The BMW-operated service charges $0.41/minute (“reduced from $0.49 for a limited time only”) for driving, and it will cost your $0.30/minute if you just want to sit in your car and “park.” The service also offers flat-rate pricing. ReachNow launched in Seattle with a party on Capitol Hill and has continued to focus its marketing on the neighborhood. Car2Go’s fleet from Daimler AG rolled out in 2012. Both have become a ubiquitous part of the neighborhood’s transit solution — though, for some, the services are not ubiquitous enough with a clear ring of emptiness emerging around the Capitol Hill core around during key commute times. Drivers can park in any legal street parking space, including metered spaces and residential zones. The so-called “car share” companies pay the city permit fees to utilize resources including street parking.
Summer 2016 rates
New rates — Morning
New rates — Evening
In 2017, Capitol Hill and First Hill streets will join the busy avenues of downtown, and Pioneer Square as the first areas in Seattle where nighttime on-street paid parking will hit $4.50 an hour. Nighttime visitors — and neighbors who play the increasingly challenging shell game of keeping their parked automobiles one step ahead of the Parking Enforcement Officer — will be happy to hear that there is no specific plan for rolling out paid parking beyond 8 PM… yet.
The Seattle Department of Transportation announced the planned increases last week as part of its ongoing “data-driven” optimization across its 12,000 on-street paid parking spaces as demand for some Capitol Hill-area parking continues to hover well beyond 100% during peak hours — seemingly no matter how high rates climb. Continue reading
The last major swath of Capitol Hill where curbsides are not protected for area residents with a “restricted parking zone” is coming into the the City of Seattle’s fold.
RPZ 32 will be rolled out by mid-2017 covering the blocks between Belmont and E Olive Way below Broadway to the edges of the I-5 Shores. The Seattle Department of Transportation announced the decision earlier this month following a public feedback process this fall:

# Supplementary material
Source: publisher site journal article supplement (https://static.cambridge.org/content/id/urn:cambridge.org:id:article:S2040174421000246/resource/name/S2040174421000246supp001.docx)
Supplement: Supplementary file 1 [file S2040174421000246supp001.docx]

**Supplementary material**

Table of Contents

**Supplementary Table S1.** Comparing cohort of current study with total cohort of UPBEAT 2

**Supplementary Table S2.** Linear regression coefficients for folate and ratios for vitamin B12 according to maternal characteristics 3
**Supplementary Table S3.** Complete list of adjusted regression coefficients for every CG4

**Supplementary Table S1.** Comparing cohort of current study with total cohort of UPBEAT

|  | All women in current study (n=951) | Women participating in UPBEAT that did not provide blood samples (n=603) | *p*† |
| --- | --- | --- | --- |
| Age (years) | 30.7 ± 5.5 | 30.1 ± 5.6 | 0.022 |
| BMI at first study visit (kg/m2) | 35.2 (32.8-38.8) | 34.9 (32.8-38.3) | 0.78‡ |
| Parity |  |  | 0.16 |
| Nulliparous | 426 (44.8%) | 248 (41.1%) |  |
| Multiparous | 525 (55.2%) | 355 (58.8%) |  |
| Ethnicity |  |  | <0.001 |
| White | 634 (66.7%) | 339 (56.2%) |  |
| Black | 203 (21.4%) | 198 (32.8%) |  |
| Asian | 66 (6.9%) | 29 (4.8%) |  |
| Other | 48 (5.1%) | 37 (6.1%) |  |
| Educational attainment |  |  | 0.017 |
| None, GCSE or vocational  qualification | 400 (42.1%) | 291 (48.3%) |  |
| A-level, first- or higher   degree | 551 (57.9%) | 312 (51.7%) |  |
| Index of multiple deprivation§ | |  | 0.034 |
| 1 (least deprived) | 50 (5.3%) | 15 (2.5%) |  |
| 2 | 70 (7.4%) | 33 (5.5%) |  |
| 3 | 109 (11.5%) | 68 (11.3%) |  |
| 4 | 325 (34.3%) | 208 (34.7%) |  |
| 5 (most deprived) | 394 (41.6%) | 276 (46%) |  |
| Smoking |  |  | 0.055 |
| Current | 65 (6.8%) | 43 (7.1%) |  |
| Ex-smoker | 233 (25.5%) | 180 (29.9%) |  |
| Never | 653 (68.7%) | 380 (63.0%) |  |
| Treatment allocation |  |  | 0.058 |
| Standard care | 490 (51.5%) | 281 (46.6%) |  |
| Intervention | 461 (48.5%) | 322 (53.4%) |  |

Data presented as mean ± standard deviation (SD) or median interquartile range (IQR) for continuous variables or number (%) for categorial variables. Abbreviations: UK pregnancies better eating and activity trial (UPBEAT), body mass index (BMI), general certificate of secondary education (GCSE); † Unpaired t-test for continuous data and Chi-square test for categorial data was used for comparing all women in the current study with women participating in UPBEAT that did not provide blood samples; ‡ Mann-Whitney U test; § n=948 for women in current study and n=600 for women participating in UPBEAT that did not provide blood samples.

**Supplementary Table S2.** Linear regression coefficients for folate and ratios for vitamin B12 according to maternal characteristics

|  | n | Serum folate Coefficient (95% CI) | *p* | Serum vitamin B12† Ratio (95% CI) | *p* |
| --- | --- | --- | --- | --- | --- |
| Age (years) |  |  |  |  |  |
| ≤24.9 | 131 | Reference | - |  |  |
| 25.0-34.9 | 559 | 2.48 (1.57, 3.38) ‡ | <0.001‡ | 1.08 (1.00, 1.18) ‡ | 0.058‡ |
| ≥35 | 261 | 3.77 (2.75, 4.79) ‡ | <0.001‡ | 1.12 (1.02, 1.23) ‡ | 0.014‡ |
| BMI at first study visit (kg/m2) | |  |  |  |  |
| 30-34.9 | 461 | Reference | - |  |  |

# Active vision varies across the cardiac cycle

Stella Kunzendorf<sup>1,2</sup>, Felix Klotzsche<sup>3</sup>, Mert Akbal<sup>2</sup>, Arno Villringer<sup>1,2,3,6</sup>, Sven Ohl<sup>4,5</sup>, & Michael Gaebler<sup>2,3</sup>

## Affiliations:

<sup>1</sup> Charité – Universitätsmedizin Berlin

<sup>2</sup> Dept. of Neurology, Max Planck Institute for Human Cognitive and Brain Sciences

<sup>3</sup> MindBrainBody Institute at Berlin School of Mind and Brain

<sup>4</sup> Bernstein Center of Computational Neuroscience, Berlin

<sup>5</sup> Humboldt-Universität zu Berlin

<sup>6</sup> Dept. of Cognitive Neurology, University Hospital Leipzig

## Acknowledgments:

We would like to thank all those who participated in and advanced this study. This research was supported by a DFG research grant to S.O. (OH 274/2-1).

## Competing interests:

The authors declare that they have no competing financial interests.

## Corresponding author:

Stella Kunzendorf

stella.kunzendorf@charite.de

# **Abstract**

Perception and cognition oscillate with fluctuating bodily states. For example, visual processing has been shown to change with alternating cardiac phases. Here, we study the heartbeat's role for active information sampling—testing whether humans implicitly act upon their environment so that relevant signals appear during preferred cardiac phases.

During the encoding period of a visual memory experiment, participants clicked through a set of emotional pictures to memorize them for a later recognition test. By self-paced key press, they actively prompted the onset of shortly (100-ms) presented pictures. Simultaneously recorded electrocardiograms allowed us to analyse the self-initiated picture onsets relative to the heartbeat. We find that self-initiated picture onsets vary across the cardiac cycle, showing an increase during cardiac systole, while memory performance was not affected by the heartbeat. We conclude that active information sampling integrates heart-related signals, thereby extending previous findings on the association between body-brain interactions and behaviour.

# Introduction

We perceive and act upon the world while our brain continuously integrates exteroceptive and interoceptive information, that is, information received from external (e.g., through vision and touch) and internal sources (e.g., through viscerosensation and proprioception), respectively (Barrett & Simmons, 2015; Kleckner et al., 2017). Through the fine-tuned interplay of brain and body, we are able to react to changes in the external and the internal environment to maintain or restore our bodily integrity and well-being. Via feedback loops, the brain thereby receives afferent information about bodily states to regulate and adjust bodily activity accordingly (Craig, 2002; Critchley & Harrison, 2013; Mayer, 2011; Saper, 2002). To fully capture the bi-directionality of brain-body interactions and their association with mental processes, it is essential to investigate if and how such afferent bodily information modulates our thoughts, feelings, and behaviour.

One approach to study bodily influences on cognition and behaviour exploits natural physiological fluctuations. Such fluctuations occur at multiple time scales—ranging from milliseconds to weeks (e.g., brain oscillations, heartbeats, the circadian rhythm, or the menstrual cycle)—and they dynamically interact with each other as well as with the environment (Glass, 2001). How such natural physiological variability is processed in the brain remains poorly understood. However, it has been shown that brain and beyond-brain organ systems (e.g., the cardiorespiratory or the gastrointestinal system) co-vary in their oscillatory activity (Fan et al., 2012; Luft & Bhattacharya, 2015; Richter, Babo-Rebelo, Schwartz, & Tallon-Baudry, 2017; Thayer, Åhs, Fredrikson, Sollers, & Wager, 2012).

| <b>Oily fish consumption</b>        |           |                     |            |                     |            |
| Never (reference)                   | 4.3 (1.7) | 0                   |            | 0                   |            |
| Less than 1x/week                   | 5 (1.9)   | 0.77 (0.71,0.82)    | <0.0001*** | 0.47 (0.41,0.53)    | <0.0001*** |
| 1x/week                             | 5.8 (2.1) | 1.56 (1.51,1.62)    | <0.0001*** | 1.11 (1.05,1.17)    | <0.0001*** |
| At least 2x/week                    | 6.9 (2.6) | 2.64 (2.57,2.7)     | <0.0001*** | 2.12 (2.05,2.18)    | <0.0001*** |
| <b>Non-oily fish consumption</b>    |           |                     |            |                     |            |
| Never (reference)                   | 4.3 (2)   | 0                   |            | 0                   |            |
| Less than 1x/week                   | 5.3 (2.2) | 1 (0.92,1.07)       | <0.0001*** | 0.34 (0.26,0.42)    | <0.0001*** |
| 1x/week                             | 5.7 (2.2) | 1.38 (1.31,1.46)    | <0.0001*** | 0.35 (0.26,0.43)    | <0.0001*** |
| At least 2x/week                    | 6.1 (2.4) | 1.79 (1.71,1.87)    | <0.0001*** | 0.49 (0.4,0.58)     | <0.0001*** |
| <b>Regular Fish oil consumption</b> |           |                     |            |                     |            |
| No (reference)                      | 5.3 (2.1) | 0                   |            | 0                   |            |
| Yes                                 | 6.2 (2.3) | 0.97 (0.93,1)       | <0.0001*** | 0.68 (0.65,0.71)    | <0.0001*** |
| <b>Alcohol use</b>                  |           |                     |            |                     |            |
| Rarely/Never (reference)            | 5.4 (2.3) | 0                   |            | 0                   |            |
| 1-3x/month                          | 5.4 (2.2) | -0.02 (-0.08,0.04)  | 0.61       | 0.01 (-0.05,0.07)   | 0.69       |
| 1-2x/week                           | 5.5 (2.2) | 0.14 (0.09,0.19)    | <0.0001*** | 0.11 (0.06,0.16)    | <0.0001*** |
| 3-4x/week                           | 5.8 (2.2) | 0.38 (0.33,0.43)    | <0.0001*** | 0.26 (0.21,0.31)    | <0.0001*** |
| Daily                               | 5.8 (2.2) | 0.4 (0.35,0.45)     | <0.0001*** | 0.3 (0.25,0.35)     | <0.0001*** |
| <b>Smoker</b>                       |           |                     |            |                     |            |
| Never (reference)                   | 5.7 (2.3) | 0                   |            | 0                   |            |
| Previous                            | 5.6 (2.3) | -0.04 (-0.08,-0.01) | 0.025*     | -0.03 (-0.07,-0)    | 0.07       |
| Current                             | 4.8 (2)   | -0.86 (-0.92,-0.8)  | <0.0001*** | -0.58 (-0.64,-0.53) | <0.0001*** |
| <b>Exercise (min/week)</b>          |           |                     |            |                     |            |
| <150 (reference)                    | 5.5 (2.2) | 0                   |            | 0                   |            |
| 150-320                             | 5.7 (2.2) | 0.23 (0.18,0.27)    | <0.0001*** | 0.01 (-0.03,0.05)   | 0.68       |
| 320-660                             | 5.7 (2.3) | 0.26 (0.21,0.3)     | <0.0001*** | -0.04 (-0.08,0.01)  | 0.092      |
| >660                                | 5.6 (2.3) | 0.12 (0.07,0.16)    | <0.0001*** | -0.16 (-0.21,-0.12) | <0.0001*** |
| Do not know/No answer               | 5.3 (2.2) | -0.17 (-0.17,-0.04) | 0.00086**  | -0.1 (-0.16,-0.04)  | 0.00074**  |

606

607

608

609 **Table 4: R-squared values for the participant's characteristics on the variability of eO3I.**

Zone 32 signs will be installed on the green blocks in mid-2017. Residents in the gray area will receive a letter with instructions for obtaining a Zone 32 permit. The pink blocks will move from Zone 15 to Zone 32. Residents on these blocks will receive further communication about this change. Continue reading
In his recently released budget proposal, Mayor Ed Murray included a provision to extend paid parking throughout Capitol Hill from 8 PM to 11 PM by late 2017. It is a response to recent city data that shows finding a paid parking spot on Capitol Hill is still tough well into the night.
The Seattle Department of Transportation has backed the idea, but said no to a parking benefit district, which would have set aside the extra revenue to be invested in Capitol Hill.
It is unclear how much revenue would be generated by extending the hours, but in 2015 Seattle parking revenues totaled $37 million across 12,250 spaces. In District 3, which includes all of Capitol Hill’s paid parking spaces, revenues amounted to $7.26 million — 19% of the citywide total.
SDOT says it plans to hold community discussions on extending hours in late 2016 or early 2017 to determine “whether extending paid parking hours would be the right tool to address neighborhood access needs.” The Capitol Hill Chamber of Commerce said it did not have a comment on the proposal. Officials say extending hours is meant to manage parking demand, not to just put money in City Hall’s coffers. Continue reading